200 Years After the New Madrid Earthquakes: Time for MoreBy Sandra Knispel | Published 02 Feb 2012 10:25pm |
Exactly 200 years ago, a series of strong earthquakes hit an area stretching from Illinois – all the way down to Mississippi. Experts say that the likelihood of another major quake is rising steadily, assuming one earthquake in the New Madrid seismic zone to happen at least every 300 years. MPB’s Sandra Knispel reports.
"Geologists pretty well agree that the longer we go without a major earthquake in the central U.S. – the more likely we are,” says Robert Latham.
And when it happens – remember the earthquake mantra of “stop, drop and hold on" – that is to the leg of a sturdy table under which you should crouch. But that alone might not suffice. Robert Latham, is the director of the Mississippi Emergency Management Agency, or MEMA.
“So, you know what we’ve got to do is start building a new culture of preparedness in this country.”
Back in 1812, when a series of magnitude 7 earthquakes hit in what is now known as the New Madrid seismic zone, the area was sparsely populated. If a similar earthquake were to hit the central U.S now, with major cities in its path, experts say the devastation caused by Hurricane Katrina would pale by comparison.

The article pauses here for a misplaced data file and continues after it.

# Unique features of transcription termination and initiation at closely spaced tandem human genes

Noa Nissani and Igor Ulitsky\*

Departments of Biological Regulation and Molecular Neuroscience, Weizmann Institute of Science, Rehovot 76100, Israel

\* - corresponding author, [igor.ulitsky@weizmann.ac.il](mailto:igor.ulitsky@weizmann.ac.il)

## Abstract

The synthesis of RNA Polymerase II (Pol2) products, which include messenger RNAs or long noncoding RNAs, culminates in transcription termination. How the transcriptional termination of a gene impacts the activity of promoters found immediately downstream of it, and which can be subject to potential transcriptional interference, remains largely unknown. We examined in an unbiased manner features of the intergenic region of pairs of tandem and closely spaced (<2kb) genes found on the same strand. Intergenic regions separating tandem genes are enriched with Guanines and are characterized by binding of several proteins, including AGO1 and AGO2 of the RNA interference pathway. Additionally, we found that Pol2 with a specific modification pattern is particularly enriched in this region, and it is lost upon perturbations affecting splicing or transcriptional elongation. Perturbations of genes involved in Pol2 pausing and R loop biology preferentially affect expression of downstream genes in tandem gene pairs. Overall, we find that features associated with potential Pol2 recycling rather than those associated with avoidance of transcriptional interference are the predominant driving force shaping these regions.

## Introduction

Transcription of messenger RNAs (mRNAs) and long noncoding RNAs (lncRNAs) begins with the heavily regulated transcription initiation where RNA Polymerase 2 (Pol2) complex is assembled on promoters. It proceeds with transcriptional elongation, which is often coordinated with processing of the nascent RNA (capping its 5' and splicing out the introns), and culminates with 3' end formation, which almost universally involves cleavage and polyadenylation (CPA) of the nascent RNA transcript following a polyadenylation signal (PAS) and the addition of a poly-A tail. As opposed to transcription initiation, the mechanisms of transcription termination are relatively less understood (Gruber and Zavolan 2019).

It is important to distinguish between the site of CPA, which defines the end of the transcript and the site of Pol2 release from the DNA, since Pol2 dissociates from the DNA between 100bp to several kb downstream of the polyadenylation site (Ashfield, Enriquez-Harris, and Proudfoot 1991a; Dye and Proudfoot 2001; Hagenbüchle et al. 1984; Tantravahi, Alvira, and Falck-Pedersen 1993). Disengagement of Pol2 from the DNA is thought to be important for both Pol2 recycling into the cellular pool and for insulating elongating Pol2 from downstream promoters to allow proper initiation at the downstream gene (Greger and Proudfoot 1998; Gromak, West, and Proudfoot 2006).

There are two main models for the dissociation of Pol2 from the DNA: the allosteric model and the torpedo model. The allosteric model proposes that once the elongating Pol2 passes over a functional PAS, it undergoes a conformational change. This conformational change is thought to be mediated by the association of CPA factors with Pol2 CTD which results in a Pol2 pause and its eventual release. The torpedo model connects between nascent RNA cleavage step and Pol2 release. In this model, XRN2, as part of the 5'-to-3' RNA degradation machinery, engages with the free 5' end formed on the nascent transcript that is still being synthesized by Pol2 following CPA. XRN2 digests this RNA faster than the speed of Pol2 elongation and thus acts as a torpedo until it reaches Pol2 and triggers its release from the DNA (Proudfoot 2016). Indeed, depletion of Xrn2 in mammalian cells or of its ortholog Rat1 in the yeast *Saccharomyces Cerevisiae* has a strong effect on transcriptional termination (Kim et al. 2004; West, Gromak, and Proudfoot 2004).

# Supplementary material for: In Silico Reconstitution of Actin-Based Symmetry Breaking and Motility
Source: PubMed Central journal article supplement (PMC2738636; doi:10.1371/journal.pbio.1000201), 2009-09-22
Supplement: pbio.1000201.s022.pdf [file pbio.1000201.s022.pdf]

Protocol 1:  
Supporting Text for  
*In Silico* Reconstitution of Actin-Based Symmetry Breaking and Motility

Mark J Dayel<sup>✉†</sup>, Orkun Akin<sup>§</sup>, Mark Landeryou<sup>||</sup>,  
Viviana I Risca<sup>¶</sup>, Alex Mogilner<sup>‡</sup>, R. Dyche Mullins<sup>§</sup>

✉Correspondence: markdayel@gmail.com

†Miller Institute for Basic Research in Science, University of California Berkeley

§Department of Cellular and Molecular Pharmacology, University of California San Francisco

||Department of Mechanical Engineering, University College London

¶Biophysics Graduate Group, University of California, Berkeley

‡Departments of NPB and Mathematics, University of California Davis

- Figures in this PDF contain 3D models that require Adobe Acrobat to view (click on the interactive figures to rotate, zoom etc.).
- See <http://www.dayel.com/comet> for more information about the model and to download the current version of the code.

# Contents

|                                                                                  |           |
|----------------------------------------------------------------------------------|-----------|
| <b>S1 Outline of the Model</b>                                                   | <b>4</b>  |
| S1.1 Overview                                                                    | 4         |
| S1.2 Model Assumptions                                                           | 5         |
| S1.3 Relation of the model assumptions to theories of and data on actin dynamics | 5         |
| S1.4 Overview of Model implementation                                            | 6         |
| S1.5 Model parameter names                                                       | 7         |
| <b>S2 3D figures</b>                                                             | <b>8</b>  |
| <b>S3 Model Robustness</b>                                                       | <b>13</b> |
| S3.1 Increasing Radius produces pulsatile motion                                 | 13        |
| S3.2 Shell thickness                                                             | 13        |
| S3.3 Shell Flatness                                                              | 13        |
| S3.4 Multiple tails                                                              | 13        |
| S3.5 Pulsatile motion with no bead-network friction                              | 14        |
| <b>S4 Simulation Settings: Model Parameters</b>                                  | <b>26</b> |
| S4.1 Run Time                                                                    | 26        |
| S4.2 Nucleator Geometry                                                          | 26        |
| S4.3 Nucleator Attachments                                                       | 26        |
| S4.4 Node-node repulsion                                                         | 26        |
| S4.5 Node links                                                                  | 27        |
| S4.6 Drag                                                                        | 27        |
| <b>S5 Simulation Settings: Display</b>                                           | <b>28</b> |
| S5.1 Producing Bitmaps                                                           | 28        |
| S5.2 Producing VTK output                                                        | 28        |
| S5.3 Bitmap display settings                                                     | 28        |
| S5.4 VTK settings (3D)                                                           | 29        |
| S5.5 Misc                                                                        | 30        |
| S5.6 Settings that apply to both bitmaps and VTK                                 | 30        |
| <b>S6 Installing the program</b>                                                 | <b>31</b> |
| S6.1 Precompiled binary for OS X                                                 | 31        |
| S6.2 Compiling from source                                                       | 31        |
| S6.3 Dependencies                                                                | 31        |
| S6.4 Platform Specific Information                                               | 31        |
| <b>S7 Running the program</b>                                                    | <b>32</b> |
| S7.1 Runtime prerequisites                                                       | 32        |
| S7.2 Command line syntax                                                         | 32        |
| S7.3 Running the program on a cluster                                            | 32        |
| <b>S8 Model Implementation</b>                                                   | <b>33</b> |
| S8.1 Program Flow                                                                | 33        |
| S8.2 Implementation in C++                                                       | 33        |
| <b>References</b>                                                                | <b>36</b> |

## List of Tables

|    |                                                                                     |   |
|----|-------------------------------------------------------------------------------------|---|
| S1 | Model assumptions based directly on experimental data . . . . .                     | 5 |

“The transportation corridors, East-West, North-South, rail, highway, air, FedEx -- all of those are in the central U.S. I mean it could bring this country to its knees," worries Latham. "So, what we’ve got to do is focus on the real risk and start building a preparedness at the individual, family and community level.”
Part of being prepared means to secure heavy shelves to walls, to strap down your water heater to keep it from tipping over and causing a fire, and to know where to turn off utilities quickly. University of Mississippi Civil Engineering Professor Chris Mullen even suggests calling in an expert to check your home for weak spots.
“In the case of large, force-type events, such as earthquakes, tornadoes and strong winds, there are things you can do to the structure of your home that will give it resistance to the forces of those events," says Mullen. "I would suggest, if you have not already, [to] have a structural engineer look at the condition of your building.”
Now might be a good time to look into adding earthquake insurance to your homeowner's insurance. For more tips on how to prepare for an earthquake go to the website of the Mississippi Emergency Management Agency at MSEMA.org.
Sandra Knispel, MPB News, Oxford.
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